This seems incredible; too many towns have been emptied of purpose as business imagines a global economy and forgets communities. The result is town-shells, a type that Gloucester shares, though it is not the finest example. Bedford, bleak and decaying, is better.
Quality is another itch. I’ve already done the New Inn, so I’ll leave them to it; but it seems that too many businesses take satisfactory as their ambition. We have a nation then where a good service means that it is not as bad as it might have been; and where efforts to do better are treated with cynicism.
I was reminded of this as we ate an Indian, the Aroma. Sadly, and I hope I am wrong, I cannot see the restaurant surviving. The food is excellent, or as good as an Indian gets. We were greeted with welcome and warmth; and the decor has an expensive feel. I felt too attended to, however, my every pleasure desired; when what I really wanted was a quiet conversation and a slow meal.
I wish them the very best nonetheless; and if they relax in their pursuit of perfection they might deliver it.
Today is Buxton. Intrepid once more, and avoiding the comfort of electronics, I jot the names of towns and roads onto a scrap of paper. We will avoid the motorway, Hereford, Ross-on-Wye and Shrewsbury; and I write with a quality classic, a Waterman, that leaks globules of quality ink onto my fingers.
This serves as a reminder that the past, however idyllic, only passed because it wasn’t perfect. The present also has something to offer. In Hereford this is difficult to see. Its beauty is its history and its landscape; and we pass these, wizened with experience. We are heading for Nat’s Kitchen.
Nat’s Kitchen is a step up, I hope; it boasts fine food and period furniture. It’s also twice the price. The New Inn was £48 for the night. What it says on the tin, though it might look for better; but once more I move on, casting off that hotel like the skin of a snake.
At Ross-on-Wye, I boast that we are ahead of schedule. We’re quickly lost, a victim of road-signs; and end up in a remote Malvern Hotel. Very promising. Peter loses his glasses and they arte returned with humour.
“If these were Raybans you’d never get them back.”
The accent is broad and slow, like the sky and the atmosphere.
“We could stay here if we come back,” I say, though how we get here is another question. We sit to cheese sandwiches and I ask directions to the A5.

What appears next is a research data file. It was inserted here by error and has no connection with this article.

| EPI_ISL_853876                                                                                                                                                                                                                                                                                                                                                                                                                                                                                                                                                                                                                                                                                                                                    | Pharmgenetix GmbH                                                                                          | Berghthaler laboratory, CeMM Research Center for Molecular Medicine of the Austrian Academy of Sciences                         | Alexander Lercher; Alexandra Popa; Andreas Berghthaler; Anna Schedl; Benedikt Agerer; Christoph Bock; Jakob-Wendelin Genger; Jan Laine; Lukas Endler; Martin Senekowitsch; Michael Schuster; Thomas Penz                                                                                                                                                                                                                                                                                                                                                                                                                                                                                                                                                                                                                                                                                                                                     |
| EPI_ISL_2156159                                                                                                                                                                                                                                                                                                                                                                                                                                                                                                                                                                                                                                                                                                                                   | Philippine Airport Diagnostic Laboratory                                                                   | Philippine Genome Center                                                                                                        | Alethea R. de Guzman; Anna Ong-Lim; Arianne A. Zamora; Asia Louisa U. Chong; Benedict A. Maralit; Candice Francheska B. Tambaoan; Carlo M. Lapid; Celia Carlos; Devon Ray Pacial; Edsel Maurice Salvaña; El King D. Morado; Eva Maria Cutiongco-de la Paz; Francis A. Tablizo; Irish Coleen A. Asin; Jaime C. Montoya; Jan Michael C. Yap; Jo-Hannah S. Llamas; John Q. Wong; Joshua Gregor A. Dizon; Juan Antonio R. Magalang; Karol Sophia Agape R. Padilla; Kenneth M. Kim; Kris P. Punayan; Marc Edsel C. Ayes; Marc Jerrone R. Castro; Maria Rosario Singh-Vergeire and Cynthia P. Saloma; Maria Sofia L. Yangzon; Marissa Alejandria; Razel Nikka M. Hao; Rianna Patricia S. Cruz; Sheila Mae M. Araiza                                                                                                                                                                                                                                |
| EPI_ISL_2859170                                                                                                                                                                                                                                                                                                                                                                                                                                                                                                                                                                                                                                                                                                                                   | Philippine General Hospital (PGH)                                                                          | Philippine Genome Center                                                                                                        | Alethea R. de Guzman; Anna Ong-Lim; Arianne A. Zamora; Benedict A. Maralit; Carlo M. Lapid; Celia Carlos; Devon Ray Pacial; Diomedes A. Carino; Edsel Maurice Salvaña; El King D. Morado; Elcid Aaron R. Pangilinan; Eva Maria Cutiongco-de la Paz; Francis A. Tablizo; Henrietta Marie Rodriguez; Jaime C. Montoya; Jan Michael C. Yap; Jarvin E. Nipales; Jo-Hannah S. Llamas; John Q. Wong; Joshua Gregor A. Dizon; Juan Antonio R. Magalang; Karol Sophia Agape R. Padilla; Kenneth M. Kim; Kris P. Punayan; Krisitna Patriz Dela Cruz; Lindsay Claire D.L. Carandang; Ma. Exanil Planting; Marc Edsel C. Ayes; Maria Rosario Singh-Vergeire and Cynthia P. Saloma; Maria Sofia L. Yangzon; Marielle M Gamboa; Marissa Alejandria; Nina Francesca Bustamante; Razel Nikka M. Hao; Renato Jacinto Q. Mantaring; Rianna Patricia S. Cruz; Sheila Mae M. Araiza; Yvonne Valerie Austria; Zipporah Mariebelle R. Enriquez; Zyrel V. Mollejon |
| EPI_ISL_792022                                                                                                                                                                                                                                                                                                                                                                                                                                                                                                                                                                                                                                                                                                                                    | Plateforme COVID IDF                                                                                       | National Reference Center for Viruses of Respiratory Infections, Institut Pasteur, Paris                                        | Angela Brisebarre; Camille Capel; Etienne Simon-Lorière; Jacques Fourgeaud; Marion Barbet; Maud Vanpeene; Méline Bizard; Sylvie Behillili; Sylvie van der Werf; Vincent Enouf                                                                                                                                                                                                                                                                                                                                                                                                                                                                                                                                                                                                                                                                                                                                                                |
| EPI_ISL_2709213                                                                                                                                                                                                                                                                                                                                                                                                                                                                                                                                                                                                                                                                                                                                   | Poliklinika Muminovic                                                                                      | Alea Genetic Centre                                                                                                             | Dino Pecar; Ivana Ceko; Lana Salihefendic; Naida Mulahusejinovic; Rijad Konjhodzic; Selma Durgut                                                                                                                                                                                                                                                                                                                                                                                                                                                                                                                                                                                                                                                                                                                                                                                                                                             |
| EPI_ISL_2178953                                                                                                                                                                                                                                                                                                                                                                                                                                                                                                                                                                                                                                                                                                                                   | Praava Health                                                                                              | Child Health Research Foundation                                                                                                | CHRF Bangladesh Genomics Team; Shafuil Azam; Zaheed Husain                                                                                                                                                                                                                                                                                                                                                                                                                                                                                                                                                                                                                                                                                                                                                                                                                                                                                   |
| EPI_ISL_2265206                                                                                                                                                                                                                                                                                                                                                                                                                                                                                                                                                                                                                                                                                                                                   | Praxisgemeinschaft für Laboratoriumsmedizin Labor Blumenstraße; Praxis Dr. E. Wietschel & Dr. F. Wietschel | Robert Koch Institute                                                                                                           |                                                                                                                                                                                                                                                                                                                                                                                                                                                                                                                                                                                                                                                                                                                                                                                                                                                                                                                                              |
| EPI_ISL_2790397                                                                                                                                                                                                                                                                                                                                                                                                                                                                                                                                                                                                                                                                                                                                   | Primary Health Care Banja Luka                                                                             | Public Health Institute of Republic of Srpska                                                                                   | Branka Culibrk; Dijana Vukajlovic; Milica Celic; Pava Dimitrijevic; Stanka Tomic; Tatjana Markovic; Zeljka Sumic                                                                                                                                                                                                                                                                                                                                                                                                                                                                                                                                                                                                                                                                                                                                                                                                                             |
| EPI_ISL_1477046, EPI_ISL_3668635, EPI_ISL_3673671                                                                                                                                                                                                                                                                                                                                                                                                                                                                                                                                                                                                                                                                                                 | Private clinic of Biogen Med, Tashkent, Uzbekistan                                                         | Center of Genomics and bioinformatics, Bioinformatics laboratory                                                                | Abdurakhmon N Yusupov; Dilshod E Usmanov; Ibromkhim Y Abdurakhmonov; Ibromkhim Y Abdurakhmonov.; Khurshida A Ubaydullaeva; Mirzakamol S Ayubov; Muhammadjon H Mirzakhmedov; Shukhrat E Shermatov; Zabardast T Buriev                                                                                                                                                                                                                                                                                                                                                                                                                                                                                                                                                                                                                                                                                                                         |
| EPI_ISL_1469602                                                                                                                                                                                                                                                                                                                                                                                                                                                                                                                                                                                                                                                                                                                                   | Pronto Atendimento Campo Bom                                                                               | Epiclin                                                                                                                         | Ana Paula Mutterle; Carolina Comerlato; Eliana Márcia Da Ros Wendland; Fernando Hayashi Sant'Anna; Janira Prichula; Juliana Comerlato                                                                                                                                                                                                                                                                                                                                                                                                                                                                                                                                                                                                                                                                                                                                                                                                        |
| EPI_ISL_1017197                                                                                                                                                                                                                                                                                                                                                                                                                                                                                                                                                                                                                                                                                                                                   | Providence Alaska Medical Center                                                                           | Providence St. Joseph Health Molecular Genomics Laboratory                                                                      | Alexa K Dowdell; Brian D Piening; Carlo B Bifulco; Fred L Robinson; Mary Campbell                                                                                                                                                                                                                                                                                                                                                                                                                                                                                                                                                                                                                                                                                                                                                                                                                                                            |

“I’m not sure. Enjoy.”
Buxton is a market town in Derbyshire. With Roman roots its most recent development came in the late 19th Century, with the arrival of trains. This change can be seen in the architecture. The style and colour of the stone remains constant; but the older houses use stones of different sizes, and they bulge and bend. The newer ones have processed blocks, straight and plain; they stand as sentinels of constance and endurance.
We succumbed to the ton-tom to get the tom-tom to get there, wandering about the dales. It is a beautiful countryside, expansive rolling hills; but the noted feature, distinguishing it from Staffordshire and Shropshire, is the arrival of stone walls in the fields. These are military straight, making long, narrow fields.
We stay in the Palace Hotel, 1870 I guess, tripling our previous expense. At £75 per person it affords a comfortable, if decaying stay. The breakfast is buffet, mostly fresh; and suited to a variety of tastes.
Buxton was chose for the surprise of the journey, a visit from the third brother. He beat us to it. Whilst we were wandering backwards and forwards across the dales, he was checking into Nat’s Kitchen. It was closed. No fine food or period furniture. This fate was shared with the Grove Hotel, his second choice; and so Vincent opted for the hotel with top-billing in the town, The Palace. It is reminiscent of sea-side splendour, neon lights, a broad facade and conservatories of metal and glass.
We ate Thai, fresh, friendly, healthy and cheap. I like Thai food; it never sits too heavy, nor lingers too long. Instead, like a fresh breeze, it stimulates. The talk was of sport, business and politics. Leeds lost again, Man United won; but that second United was floated, and the talk is that they bought a Chinese player to attract a Chinese audience. Leeds would never succumb to such shameful commercialism; and so I take hope, suggesting that Man U start a table tennis team. This put-down does not last; my team has lost and so the conversation passes on.
The Eldest, the Man United supporter, talks of elders and the need for wise counsel in government. Like Vince Cable as he should have been, Peter suggests. I think of Socrates, offer a few digressing stories, but keep this digression to myself; and the meal ends. It has been an example of good business practice; we got what we ordered with the bonus of good quality and a fair price.
This was also the case in Ye Olde Cheshire Cheese Inn. They serve the finest Cheshire cheese on brown, apple chutney for flavour; and the ceiling is low, the walls thick and the service friendly. The inn is in Castleton; and as I leave I confirm that they do have accommodation; I would certainly return.